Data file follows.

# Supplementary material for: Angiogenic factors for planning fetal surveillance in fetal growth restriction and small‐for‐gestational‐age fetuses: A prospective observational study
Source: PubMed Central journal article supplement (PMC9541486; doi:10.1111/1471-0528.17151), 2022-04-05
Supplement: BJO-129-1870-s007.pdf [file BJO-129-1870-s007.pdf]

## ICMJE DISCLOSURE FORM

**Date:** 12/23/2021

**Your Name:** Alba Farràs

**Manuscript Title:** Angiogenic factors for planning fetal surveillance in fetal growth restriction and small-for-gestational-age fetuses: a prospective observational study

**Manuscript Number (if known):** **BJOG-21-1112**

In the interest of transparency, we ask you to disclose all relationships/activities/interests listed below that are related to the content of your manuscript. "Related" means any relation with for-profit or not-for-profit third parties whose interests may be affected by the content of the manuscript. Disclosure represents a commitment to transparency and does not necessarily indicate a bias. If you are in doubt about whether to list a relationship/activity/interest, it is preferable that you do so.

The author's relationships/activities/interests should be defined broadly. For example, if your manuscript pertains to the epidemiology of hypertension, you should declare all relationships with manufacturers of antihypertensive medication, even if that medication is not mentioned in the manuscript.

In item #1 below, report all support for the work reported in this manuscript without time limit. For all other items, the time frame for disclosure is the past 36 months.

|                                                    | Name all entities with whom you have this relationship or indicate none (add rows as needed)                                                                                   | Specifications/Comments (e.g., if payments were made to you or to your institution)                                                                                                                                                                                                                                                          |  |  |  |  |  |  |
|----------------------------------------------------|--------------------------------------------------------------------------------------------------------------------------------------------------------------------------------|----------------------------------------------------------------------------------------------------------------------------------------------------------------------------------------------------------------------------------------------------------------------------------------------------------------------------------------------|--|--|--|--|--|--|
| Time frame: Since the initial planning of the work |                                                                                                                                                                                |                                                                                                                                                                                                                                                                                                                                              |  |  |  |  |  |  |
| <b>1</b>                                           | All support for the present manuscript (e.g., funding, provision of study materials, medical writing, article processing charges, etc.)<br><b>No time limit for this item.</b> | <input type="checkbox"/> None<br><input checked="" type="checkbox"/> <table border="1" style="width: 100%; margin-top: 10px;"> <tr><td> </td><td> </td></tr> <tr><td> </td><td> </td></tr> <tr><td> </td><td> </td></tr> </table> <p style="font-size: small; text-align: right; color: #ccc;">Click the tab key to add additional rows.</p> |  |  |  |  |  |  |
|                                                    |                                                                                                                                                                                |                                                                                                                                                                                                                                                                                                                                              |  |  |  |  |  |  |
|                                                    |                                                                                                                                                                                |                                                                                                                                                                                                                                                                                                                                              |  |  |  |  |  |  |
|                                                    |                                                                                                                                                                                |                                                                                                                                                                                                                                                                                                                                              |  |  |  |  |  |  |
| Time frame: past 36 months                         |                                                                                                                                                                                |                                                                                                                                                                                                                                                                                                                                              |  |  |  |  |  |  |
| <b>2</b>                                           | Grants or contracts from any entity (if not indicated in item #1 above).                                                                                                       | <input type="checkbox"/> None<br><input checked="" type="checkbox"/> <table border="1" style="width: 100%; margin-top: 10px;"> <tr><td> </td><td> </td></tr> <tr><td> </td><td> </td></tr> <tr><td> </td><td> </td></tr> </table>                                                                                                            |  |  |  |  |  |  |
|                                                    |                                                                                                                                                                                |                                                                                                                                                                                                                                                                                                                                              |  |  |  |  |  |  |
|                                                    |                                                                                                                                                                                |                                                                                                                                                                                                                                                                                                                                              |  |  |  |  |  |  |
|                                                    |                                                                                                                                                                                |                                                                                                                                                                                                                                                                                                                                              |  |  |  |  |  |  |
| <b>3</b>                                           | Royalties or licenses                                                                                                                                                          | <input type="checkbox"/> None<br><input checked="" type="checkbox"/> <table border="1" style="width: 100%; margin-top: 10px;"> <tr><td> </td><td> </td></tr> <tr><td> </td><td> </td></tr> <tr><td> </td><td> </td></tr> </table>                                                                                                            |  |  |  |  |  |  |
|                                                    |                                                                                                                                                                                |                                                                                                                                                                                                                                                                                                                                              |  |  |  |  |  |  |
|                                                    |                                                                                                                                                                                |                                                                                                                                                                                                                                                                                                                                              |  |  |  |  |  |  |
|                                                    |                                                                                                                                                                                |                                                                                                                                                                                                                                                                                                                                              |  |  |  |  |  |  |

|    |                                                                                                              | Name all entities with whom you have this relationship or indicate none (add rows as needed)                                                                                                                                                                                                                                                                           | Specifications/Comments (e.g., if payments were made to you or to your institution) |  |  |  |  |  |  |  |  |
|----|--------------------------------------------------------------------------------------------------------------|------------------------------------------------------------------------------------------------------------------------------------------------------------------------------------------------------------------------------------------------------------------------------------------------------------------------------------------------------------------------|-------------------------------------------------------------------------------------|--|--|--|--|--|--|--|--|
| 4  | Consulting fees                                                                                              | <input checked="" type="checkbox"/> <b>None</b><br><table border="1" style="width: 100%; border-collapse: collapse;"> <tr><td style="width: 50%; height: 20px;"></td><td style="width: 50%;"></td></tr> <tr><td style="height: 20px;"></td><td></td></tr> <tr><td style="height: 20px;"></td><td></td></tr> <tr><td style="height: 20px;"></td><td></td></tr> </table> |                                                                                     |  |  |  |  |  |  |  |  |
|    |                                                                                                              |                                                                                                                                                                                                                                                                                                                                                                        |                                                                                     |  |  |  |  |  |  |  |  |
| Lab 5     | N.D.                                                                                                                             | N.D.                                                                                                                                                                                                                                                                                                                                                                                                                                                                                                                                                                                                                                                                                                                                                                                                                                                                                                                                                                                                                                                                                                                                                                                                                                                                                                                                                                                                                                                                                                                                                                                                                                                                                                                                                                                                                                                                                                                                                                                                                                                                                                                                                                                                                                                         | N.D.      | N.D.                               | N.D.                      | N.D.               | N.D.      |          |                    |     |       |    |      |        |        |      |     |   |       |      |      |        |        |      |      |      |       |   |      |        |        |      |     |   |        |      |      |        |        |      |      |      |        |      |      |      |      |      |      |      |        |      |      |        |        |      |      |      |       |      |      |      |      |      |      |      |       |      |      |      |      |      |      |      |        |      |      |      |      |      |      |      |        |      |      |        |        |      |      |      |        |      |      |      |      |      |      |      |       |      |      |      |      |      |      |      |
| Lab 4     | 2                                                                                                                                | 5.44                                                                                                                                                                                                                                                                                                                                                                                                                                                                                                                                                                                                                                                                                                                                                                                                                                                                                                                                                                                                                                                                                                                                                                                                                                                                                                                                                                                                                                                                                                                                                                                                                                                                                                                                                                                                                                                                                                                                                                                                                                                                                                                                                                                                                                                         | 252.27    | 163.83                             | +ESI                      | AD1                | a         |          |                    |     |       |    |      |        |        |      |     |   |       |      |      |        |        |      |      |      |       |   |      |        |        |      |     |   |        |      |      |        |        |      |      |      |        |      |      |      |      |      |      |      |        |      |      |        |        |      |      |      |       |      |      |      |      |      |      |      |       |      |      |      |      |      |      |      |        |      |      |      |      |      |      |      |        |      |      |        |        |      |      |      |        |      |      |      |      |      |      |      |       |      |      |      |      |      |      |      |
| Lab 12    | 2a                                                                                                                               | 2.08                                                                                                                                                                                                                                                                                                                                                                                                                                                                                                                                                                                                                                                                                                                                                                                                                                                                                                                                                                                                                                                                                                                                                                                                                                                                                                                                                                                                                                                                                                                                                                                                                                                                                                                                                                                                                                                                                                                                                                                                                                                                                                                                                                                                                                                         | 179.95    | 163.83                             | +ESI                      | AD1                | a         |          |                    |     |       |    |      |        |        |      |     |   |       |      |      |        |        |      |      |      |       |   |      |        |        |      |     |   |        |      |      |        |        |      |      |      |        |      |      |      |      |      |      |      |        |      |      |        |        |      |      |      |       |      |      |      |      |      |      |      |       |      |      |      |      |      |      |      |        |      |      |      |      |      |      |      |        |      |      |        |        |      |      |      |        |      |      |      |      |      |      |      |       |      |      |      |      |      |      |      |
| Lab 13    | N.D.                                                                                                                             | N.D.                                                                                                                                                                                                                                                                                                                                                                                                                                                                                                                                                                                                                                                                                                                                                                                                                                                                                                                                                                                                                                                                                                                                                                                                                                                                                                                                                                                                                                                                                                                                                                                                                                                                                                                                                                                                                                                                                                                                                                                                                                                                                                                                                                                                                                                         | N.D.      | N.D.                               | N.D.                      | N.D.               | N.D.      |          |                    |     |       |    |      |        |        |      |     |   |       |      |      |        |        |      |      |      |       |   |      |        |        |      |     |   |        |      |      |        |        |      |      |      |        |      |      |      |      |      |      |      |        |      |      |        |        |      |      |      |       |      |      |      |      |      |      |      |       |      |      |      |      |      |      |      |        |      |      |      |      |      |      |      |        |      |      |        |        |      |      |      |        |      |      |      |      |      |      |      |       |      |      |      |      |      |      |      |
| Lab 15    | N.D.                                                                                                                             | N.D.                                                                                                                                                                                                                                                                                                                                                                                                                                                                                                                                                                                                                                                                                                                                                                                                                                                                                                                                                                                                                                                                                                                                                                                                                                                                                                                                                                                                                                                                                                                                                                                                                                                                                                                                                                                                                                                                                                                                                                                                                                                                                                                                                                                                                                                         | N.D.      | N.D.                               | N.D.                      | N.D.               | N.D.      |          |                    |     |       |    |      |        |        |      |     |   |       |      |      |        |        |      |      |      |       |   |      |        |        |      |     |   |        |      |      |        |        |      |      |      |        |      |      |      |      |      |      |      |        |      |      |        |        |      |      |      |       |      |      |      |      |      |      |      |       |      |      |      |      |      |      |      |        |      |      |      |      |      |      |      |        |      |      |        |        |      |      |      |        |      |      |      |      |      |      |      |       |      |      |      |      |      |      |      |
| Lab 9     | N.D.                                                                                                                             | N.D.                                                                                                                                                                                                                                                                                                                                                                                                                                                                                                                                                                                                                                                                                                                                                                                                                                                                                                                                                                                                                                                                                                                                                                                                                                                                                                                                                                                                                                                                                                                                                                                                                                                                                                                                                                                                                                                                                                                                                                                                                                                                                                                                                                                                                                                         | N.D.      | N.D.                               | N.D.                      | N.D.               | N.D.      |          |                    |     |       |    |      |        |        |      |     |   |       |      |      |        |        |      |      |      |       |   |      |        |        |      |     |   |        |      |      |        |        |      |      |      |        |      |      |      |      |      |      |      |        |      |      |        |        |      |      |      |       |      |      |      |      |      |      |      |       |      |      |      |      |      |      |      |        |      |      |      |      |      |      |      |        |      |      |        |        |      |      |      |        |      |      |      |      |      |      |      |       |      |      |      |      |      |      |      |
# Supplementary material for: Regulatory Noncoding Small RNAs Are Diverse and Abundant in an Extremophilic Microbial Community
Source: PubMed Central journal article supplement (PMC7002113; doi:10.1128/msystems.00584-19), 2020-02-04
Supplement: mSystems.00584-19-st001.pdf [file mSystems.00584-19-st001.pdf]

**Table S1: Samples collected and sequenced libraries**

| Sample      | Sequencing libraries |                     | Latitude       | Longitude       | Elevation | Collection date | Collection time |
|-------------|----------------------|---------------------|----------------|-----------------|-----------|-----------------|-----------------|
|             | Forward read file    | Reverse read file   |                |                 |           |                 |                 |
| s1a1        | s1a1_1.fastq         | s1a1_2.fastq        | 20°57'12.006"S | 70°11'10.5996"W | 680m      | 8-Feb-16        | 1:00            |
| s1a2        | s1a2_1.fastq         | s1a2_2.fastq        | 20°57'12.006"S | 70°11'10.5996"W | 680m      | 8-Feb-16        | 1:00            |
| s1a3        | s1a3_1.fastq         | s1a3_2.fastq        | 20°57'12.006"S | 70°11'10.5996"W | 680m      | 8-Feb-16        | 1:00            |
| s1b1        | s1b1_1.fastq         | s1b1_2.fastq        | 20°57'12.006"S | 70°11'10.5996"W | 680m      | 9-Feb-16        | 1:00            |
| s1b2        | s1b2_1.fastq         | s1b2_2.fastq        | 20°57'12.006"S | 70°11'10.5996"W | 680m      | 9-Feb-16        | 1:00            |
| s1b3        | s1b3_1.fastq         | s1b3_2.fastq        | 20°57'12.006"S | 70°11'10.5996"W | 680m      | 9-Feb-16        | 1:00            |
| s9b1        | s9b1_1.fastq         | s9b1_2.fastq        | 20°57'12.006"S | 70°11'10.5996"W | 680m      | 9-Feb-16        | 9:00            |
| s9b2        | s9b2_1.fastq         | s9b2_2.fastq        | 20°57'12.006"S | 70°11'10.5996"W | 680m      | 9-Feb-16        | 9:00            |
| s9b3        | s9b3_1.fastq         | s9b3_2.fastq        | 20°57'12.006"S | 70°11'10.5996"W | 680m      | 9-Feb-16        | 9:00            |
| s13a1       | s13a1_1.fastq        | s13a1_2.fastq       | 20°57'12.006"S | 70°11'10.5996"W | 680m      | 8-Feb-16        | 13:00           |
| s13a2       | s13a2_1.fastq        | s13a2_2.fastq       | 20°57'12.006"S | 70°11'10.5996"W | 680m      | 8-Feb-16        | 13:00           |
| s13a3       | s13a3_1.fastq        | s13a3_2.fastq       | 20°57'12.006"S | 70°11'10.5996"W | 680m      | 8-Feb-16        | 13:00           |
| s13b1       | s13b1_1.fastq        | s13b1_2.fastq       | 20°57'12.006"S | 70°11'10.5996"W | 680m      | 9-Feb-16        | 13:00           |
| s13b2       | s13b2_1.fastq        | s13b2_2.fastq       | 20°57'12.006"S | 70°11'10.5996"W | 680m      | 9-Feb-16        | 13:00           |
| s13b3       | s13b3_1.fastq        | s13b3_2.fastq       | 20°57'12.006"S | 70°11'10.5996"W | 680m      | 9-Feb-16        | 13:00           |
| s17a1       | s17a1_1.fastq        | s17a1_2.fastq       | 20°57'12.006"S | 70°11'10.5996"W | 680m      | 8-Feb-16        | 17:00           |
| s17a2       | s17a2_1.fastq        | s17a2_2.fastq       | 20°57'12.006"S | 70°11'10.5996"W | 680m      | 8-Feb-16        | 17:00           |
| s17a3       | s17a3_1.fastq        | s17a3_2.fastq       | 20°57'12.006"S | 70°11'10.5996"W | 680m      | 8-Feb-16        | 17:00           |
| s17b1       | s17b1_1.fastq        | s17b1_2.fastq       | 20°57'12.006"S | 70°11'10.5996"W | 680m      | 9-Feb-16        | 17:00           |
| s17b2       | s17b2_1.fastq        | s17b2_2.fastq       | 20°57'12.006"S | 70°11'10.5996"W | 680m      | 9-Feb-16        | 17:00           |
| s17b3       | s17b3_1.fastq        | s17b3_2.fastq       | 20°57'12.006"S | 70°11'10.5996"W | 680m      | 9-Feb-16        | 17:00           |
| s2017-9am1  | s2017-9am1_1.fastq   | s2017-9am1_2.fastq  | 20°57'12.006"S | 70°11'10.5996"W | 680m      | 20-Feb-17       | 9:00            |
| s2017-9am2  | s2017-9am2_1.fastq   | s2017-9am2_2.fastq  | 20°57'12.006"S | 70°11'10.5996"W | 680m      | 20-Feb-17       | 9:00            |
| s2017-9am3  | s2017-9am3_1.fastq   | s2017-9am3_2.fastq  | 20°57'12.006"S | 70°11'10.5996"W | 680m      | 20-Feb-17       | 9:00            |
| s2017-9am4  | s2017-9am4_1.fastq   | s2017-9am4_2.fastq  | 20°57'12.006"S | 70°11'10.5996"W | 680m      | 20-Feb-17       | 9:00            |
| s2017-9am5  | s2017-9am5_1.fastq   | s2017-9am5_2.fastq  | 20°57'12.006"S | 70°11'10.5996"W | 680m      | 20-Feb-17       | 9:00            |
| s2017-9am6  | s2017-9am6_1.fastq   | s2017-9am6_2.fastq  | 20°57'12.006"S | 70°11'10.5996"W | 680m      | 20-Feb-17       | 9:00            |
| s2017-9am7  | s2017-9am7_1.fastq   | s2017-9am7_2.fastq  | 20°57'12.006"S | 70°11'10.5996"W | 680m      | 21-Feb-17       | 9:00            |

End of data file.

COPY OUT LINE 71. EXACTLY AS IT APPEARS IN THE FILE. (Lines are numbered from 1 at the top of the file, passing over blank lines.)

| s2017-9am6  | s2017-9am6_1.fastq   | s2017-9am6_2.fastq  | 20°57'12.006"S | 70°11'10.5996"W | 680m      | 20-Feb-17       | 9:00            |